05-14-2010 05:17 PM
Faster
Quote:
Originally Posted by Jeff_H View Post
I have no qualms about passing very close astern of another boat. Then again, I have no qualms about passing close astern even if I am on port. I generally try not to pass close ahead when I am on port and I'm not racing,

Jeff
With you there, Jeff. In our experience, you really do need to let your 'crossee' know what your intentions are. If they see you approaching at speed planning to cross astern, an uninformed panic tack could put them in your intended path..

I've even seen this with a ferry... it was planning to pass rather close by a newbie sailor - at that last minute he kind of panicked and tacked 'away' only to put himself smack in the ferry's new intended path. Didn't know that little ferry could actually stop that fast - he was lucky.
05-14-2010 05:08 PM
Jeff_H I ususally try to judge closing speed and distance early and look for clues that the other guy knows that I am here. Depending on my mood, if I am on starboard, I will give 5 blasts, hail "Heads-up, starboard" . When on Port, if its going to be a close pass, or just slow down and let him pass. I'll hail, "I see you, please hold your course." When on Starboard I typically steer defensively before I get to a point where there are no more defensive moves to make. When I do take defensive steps, I have no qualms about passing very close astern of another boat. Then again, I have no qualms about passing close astern even if I am on port. I generally try not to pass close ahead when I am on port and I'm not racing,

Jeff
05-14-2010 03:34 PM
RainDog
Quote:
Originally Posted by JohnRPollard View Post
I think our tolerance for proximity might be somewhat situational, based on where we sail.
I will second that. Where I used to sail (large reservoir) passing within one boat length was standard. Boats that would pass 5 boat lengths away would often alter course to pass closer to say hello.

When I moved to Galveston Bay it took me a while to realize that people down here generally do not come within 10 boat lengths of each other. I was that ass for a while until I realized what a giant cushion people normally leave here.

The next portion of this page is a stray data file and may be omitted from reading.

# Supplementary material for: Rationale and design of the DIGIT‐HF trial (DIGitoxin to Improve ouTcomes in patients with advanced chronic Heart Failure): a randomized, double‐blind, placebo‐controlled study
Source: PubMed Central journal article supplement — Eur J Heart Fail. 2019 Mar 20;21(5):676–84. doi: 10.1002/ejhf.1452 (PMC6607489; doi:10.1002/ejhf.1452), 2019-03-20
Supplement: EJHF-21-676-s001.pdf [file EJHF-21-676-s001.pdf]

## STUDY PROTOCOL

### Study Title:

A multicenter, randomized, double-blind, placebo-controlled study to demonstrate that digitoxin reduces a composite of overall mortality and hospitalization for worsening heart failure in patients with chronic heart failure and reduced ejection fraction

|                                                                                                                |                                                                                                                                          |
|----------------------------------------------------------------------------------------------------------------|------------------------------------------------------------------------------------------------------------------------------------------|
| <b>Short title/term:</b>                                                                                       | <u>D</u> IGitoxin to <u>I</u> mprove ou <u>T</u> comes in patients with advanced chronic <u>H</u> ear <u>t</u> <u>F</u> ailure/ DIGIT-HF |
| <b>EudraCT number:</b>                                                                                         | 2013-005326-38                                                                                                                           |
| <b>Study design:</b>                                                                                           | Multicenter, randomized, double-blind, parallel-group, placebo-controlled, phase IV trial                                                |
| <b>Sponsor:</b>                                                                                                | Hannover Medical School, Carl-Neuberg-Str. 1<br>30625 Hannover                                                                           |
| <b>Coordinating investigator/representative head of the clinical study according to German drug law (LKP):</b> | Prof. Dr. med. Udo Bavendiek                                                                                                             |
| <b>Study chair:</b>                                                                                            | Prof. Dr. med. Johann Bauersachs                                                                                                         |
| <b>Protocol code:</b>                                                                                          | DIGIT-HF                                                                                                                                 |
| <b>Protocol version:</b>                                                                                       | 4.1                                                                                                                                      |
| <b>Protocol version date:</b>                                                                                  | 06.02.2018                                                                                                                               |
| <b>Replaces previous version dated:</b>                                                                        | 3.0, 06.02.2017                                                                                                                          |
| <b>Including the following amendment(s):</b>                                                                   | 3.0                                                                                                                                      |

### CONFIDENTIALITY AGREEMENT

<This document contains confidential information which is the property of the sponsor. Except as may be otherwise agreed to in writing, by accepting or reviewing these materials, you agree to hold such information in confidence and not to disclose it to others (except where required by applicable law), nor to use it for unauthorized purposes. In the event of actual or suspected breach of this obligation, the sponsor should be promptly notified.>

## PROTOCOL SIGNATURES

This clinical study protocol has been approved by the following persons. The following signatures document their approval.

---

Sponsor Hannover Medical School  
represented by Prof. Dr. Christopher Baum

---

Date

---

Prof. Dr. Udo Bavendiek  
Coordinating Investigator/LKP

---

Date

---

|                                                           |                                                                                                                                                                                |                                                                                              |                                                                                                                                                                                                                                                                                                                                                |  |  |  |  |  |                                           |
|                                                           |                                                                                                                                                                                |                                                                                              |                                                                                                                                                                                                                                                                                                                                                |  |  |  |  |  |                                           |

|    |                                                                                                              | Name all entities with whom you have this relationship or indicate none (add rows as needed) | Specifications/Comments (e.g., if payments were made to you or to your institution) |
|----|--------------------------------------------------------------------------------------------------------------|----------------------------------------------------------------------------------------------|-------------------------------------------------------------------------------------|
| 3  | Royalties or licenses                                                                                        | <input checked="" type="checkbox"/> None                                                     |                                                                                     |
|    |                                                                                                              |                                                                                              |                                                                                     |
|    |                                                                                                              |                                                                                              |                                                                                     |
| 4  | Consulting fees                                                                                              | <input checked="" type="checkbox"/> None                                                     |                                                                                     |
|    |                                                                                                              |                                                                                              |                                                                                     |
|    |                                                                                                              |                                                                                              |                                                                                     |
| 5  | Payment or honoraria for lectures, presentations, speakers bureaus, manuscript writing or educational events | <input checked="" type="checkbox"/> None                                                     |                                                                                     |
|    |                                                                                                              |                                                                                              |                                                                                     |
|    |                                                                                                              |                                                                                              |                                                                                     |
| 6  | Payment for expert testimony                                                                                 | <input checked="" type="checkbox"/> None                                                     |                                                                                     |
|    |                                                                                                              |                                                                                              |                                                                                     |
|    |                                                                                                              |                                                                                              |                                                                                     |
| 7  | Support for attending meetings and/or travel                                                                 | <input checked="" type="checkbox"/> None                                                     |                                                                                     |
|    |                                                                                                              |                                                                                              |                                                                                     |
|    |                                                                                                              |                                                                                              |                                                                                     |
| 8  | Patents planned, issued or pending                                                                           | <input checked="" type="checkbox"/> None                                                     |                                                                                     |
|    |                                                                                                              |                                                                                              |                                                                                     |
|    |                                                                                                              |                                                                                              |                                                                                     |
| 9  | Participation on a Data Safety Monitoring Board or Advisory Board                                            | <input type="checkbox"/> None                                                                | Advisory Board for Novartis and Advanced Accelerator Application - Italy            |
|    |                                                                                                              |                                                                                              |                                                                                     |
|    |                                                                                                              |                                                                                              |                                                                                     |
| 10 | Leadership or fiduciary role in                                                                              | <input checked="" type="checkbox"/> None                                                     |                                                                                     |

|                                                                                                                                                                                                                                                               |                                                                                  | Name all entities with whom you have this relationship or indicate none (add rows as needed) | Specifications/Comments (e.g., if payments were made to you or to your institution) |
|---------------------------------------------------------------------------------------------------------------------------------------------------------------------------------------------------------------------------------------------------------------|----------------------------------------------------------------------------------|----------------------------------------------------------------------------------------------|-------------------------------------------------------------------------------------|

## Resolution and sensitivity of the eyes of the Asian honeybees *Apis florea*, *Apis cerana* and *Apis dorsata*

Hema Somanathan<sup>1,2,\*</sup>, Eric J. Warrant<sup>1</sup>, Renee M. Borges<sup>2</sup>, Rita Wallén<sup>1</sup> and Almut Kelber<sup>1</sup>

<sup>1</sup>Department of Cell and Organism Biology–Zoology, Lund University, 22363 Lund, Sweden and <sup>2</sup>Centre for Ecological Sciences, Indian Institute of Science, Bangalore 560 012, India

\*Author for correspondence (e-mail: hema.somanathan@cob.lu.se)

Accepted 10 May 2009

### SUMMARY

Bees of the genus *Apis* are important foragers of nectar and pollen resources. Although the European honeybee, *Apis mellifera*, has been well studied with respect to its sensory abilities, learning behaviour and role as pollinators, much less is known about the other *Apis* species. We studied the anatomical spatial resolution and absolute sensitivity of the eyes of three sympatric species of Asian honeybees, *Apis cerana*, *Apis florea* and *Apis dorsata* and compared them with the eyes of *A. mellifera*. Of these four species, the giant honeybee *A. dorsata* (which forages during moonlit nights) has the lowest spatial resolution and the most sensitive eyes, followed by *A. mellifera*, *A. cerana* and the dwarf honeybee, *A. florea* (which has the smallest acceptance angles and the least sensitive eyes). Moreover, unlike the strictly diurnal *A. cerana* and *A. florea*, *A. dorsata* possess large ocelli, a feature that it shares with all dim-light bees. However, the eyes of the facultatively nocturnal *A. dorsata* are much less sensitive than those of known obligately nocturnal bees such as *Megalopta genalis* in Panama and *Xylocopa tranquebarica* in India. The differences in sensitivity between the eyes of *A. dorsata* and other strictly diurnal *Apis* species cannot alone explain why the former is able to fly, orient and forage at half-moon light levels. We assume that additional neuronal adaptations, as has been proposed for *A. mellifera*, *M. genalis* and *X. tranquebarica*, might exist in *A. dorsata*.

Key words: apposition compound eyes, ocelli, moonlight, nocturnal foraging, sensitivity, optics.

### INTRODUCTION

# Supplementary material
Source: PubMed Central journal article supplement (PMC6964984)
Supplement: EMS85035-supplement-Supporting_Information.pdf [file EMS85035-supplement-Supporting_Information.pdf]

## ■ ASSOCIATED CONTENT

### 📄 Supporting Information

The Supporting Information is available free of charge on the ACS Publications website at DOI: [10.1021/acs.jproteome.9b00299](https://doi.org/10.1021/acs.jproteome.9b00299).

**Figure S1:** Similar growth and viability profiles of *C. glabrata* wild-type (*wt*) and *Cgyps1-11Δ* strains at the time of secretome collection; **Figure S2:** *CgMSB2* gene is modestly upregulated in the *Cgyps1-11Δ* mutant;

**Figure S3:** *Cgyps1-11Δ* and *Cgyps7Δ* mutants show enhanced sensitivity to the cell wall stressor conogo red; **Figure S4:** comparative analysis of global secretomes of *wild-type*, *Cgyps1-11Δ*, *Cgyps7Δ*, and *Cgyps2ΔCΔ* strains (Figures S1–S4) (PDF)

05-14-2010 02:52 PM
chucklesR In a race I stand on or bear off depending on the rules. Cruising or day sailing I don't let anyone get within 10 lengths unless they are flashing a blue light at me.
I'd rather change course when they are half a mile away than play games on right of way.
05-14-2010 12:54 PM
WinterRiver A couple summers ago we had a really big sailboat with red sails and an intimidating bow sprit closing in on us. We were a couple miles from land with no one else around, and both had plenty of time to maneuver in the light air. My husband was getting nervous -- did I mention the scary bow sprit? I told him it was ok, and we should hold our course because we were the stand-on vessel. The other sailboat changed course slightly when just a few boat lengths away to duck behind us, passing about a boat length away. Friendly waves all around. Too bad I didn't have my camera.

Puma I trusted that racers know and follow the rules, even when they're just out for a practice sail. Otherwise I might have been nervous too.
05-14-2010 12:18 PM
jackdale Yes - 34 (a) applies to power-driven vessels. 34(d), the five or more rule applies to all vessels.

Note to self - be specific.

I spend virtually no time in US inland waters, but I should probably know them, in case. The Canadian Modifications are tougher to understand - so I am focusing on them.

I have read little discussion of altering speed, by easing sails or luffing up, as a means of avoiding collisions.
05-14-2010 11:41 AM
nolatom That's what I teach too. Danger signal's for everyone, maneuvering signals (other than overtaking signal) are for power-driven vessels.